As the days go by, the Las Vegas shooting lawsuits are piling up.
According to complaints filed Wednesday in Clark County District Court, 14 more people are seeking damages from the Oct. 1 mass shooting, which left 58 concertgoers dead and more than 500 injured.
The hotel at which the gunman was situated, Mandalay Bay, and its operating company, MGM Resorts International, were named as defendants, as were the music festival’s organizers and the manufacturer of bump stocks — devices the gunman legally obtained, then used to rapidly fire semiautomatic weapons into the crowd.
Las Vegas attorney Timothy Titolo said the newest people seeking damages are from Nevada, California and Illinois. Some were attending the Route 91 Harvest festival, and at least one was working the event, according to the complaints.
“Of these 14 cases, there’s a couple who were shot and survived, a wrongful death, and a lot of other people who were hurt not by a gun, but by shrapnel or during the escape,” Titolo said, adding that all experienced some degree of emotional trauma.
Titolo is representing the plaintiffs along with a Chicago-based law firm, which handled many of the lawsuits related to last year’s mass shooting at the Pulse nightclub in Orlando, Florida.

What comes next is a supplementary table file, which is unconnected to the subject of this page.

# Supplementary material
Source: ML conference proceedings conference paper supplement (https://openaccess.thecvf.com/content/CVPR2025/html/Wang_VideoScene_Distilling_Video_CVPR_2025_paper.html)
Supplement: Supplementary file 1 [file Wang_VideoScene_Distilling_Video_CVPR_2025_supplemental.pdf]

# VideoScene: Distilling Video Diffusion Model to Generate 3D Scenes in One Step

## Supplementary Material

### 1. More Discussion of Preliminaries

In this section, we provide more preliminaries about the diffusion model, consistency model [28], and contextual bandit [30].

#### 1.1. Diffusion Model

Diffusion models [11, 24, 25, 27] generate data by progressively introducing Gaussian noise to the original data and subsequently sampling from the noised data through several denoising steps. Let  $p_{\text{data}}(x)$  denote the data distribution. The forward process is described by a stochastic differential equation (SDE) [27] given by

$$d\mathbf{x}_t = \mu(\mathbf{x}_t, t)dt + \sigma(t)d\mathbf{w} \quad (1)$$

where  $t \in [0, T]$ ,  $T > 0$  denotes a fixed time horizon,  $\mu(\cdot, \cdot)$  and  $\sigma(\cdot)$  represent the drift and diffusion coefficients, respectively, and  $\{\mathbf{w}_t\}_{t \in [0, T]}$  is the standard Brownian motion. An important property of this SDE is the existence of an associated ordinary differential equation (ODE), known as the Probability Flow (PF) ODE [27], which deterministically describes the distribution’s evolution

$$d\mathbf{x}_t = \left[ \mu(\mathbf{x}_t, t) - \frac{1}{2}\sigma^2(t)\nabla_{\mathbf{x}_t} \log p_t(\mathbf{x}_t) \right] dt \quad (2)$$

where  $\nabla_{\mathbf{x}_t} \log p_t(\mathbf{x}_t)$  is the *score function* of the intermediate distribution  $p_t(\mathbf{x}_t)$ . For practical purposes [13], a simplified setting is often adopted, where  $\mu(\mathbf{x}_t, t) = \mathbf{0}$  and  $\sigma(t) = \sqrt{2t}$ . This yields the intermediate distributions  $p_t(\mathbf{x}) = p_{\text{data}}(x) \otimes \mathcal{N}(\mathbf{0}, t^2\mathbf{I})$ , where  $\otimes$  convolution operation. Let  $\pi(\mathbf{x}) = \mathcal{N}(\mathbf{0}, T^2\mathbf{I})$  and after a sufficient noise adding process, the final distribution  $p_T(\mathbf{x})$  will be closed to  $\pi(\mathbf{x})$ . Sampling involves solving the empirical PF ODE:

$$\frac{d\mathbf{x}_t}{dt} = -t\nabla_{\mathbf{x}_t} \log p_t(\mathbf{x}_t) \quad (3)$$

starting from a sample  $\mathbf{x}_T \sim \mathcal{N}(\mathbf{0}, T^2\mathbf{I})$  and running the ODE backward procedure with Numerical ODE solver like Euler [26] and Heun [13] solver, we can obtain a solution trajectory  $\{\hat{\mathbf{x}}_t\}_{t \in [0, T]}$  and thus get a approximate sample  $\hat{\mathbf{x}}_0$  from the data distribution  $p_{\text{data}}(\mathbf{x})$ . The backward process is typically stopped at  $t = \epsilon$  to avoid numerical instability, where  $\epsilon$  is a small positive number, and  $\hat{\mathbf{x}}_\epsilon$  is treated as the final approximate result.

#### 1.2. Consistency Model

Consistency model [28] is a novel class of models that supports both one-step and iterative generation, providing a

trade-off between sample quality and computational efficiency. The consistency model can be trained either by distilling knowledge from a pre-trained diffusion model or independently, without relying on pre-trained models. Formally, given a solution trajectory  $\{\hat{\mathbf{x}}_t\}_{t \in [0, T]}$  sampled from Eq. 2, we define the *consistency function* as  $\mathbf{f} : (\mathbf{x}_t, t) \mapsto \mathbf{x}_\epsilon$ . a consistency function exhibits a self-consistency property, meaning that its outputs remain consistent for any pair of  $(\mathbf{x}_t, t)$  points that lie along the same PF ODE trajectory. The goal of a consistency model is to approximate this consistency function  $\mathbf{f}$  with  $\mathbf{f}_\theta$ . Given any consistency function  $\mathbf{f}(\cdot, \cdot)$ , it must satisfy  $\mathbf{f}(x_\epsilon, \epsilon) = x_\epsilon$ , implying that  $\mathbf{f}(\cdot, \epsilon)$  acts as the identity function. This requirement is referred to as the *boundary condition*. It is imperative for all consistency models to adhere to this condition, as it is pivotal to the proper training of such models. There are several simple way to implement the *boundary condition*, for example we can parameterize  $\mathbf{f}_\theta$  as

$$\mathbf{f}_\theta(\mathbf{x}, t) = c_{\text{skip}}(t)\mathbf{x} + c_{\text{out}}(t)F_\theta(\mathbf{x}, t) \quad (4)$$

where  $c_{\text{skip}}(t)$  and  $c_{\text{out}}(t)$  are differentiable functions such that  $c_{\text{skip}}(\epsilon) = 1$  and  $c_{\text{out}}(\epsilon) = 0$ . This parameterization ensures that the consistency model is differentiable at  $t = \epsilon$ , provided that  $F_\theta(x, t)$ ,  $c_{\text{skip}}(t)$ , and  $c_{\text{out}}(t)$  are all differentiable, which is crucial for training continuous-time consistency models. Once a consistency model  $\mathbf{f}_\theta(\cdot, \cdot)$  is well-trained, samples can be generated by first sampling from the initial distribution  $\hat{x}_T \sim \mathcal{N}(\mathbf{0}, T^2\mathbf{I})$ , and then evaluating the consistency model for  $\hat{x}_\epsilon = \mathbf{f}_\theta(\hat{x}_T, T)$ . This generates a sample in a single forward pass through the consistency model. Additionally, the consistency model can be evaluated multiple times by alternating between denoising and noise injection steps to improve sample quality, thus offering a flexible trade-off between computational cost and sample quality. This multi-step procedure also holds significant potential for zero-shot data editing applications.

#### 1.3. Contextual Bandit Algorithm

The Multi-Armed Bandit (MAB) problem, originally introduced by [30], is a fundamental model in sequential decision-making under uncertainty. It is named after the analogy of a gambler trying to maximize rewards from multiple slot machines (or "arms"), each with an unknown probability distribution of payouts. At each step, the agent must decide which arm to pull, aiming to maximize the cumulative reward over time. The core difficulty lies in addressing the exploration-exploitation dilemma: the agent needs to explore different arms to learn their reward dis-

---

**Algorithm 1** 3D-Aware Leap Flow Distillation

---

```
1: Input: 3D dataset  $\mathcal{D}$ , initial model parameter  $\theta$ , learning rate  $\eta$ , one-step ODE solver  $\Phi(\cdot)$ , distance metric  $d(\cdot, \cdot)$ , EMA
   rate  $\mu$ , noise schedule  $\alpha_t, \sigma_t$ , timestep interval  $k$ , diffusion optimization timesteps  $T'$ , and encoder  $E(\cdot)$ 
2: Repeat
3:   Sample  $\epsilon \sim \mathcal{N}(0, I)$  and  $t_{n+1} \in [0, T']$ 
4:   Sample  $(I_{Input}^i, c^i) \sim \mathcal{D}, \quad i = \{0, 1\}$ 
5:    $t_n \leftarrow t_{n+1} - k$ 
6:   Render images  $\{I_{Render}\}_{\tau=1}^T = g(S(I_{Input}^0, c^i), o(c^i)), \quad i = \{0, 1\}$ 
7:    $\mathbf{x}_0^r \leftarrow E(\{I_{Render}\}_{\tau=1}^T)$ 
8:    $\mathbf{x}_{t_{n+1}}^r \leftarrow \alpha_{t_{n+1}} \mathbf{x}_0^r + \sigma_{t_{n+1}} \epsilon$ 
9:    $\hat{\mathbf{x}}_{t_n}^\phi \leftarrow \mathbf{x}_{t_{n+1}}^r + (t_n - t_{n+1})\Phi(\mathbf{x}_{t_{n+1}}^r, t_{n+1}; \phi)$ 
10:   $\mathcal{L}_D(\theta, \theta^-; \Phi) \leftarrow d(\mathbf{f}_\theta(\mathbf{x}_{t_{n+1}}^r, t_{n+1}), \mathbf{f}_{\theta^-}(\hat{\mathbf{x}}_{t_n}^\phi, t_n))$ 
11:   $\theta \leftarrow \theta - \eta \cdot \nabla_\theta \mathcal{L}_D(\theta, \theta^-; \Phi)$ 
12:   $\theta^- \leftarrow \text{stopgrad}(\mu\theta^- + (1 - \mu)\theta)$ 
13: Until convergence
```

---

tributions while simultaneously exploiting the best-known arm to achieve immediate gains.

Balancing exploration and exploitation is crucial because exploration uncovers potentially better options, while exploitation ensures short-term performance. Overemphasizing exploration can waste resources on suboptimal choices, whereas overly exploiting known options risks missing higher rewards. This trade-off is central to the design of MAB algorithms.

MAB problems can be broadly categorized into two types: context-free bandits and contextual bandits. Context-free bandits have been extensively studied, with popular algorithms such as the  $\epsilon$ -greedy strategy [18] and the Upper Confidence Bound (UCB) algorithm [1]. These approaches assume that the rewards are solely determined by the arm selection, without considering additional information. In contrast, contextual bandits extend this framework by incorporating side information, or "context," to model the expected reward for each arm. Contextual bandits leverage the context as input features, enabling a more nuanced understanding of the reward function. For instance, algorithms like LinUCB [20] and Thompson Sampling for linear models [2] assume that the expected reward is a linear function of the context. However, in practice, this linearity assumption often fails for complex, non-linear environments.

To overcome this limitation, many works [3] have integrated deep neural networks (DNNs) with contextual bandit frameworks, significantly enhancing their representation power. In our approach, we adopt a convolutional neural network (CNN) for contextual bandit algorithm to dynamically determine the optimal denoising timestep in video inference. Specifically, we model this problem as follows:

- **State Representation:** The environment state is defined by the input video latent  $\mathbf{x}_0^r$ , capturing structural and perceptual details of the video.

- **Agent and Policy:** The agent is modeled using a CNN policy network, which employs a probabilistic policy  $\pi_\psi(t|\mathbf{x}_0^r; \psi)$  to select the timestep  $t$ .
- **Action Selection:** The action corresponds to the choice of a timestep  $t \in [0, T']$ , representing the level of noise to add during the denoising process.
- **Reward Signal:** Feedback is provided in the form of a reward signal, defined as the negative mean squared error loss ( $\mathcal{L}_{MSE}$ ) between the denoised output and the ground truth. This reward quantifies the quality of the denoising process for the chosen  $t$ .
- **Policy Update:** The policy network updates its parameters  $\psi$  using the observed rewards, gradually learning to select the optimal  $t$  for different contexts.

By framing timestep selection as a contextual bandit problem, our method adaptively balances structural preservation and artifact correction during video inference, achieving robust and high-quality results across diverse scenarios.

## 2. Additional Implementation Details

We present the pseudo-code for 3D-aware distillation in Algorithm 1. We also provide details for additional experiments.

The newest complaints argue Mandalay Bay failed to adequately staff its security department, failed to have active shooter response plans in place, and — within the last decade — failed to arrange a security survey to assess potential risks.
The gunman was also treated like “MGM’s VIP guest,” the complaints allege, citing at least one comped room and his use of a service elevator. The lawsuits also question why more security cameras were not on the 32nd floor, where the gunman was situated, and why the hotel had not installed gunshot detection devices in each room.
In reference to Live Nation Entertainment, the company that organized the country music festival, the complaints allege that the event did not have enough adequately marked exits, it was not adequately staffed and that organizers failed to properly train employees in case of emergency.
The lawsuit also alleges bump-stock manufacturer Slide Fire Solutions markets and sells its devices “without any reasonable measures or safeguards and which the killer used to such horrifying ends.”
Two plaintiffs were reached by phone Wednesday but declined to comment.
In a statement to The Associated Press on Wednesday, MGM Resorts International called the shooting “a meticulously planned, evil … act” and added that it would respond to any allegations only through “the appropriate legal channels.”
One of the Chicago lawyers, Antonio Romanucci, said more lawsuits are likely to be filed.
“We are talking to a number of people,” he said. “If they meet the criteria, we will definitely move forward with them.”